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Back when I was in college, a friend and I used to go cave exploring as often as possible. Sometimes we went caving about twice a week. One evening we followed a lead for a new cave that we had heard about, one that was in the top of a ridge and was supposed to be really huge. When someone tells you a cave is really large, then it’s probably not going to be much bigger than a groundhog hole.
After an hour of walking up and down some really big hills, we finally saw a small hole at the top of a knob. As we got down on all fours, we crawled in about five feet and we started smelling something really bad. We crawled a little further and we soon discovered the source of the smell, which just happened to be an old dead dog. We later named the cave Dead Dog Cave.
A dead dog is a very unpleasant image to think about. We don’t want to imagine such a sight, but how many of us actually think about a dead dog on a daily basis? This might sound like a really strange question; but we will see today that fear can produce within our minds the image of a dead dog. If any of us live in fear on a daily basis, the dead dog we see is ourselves - hang on and we’ll soon see what this is all about.
Today we are going to look at the story a young man named Mephibosheth who, after having an encounter with fear, looked upon himself as a dead dog. We will come to discover that many of us view ourselves as dead dogs too; and we are also going to discuss how we can overcome having a dead dog image.
Fear Can Be Crippling (2 Samuel 4:4)
4 Jonathan, Saul’s son, had a son who was lame in his feet. He was five years old when the news about Saul and Jonathan came from Jezreel; and his nurse took him up and fled. And it happened, as she made haste to flee, that he fell and became lame. His name was Mephibosheth.
Can somebody say Mephibosheth? King Saul’s grandson, Mephibosheth, was taken away by his nursemaid in a flight of fear after she heard about the death of Saul and the death of Mephibosheth’s father, Jonathan. It is not entirely Mephibosheth’s fault that he was on the run, but because he was running he fell and became lame. What I want to point out here is that when we run from tough situations because of fear it can become crippling to us.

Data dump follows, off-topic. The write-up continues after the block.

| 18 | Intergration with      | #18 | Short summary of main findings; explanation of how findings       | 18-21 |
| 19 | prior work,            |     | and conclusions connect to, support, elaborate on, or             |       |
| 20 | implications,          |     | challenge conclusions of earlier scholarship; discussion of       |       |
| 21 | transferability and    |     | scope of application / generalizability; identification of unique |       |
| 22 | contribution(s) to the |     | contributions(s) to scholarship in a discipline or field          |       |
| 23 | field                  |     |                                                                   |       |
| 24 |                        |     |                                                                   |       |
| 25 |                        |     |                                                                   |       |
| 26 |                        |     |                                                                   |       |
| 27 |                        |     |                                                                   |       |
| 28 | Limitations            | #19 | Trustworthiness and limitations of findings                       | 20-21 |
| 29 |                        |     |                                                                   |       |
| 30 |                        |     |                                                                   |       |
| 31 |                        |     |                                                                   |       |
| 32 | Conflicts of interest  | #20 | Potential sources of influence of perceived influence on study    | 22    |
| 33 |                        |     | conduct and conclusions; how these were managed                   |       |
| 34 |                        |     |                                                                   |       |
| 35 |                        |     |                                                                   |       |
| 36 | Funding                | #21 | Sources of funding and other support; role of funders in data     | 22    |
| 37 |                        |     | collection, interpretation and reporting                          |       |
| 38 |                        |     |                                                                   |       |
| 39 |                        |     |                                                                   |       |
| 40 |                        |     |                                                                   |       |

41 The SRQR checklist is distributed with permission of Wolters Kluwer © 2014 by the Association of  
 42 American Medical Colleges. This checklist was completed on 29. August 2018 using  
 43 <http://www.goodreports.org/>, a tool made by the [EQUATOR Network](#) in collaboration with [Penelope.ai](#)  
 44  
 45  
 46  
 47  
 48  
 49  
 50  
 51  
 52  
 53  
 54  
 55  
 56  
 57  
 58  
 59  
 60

Fear is crippling to our trust in God; and fear is the result of a lack of trust and faith. John Ortberg says, “Fear whispers to us that God is not really big enough to take care of us. It tells us we are not really safe in His hands.” The more times we doubt God, the more we become afraid, and the more we are afraid, the more we are wounded and debilitated. And the more we are wounded, the more we continue to distrust God, and this cycle seems to go on and on, never seeming to end. We keep right on fearing, not trusting God and never living in the blessings that come from a wholehearted devotion and trust in the Lord – we are crippled.
Fear causes a person to back down from a difficult situation, and then that person begins a pattern of running away. This in turn causes low self-esteem, or should I say low “Christ-esteem,” because we forget how our Lord Jesus sees us.
The American Psychological Association’s research on self-esteem shows that it “boils down to one issue: When you face a difficult situation, do you approach
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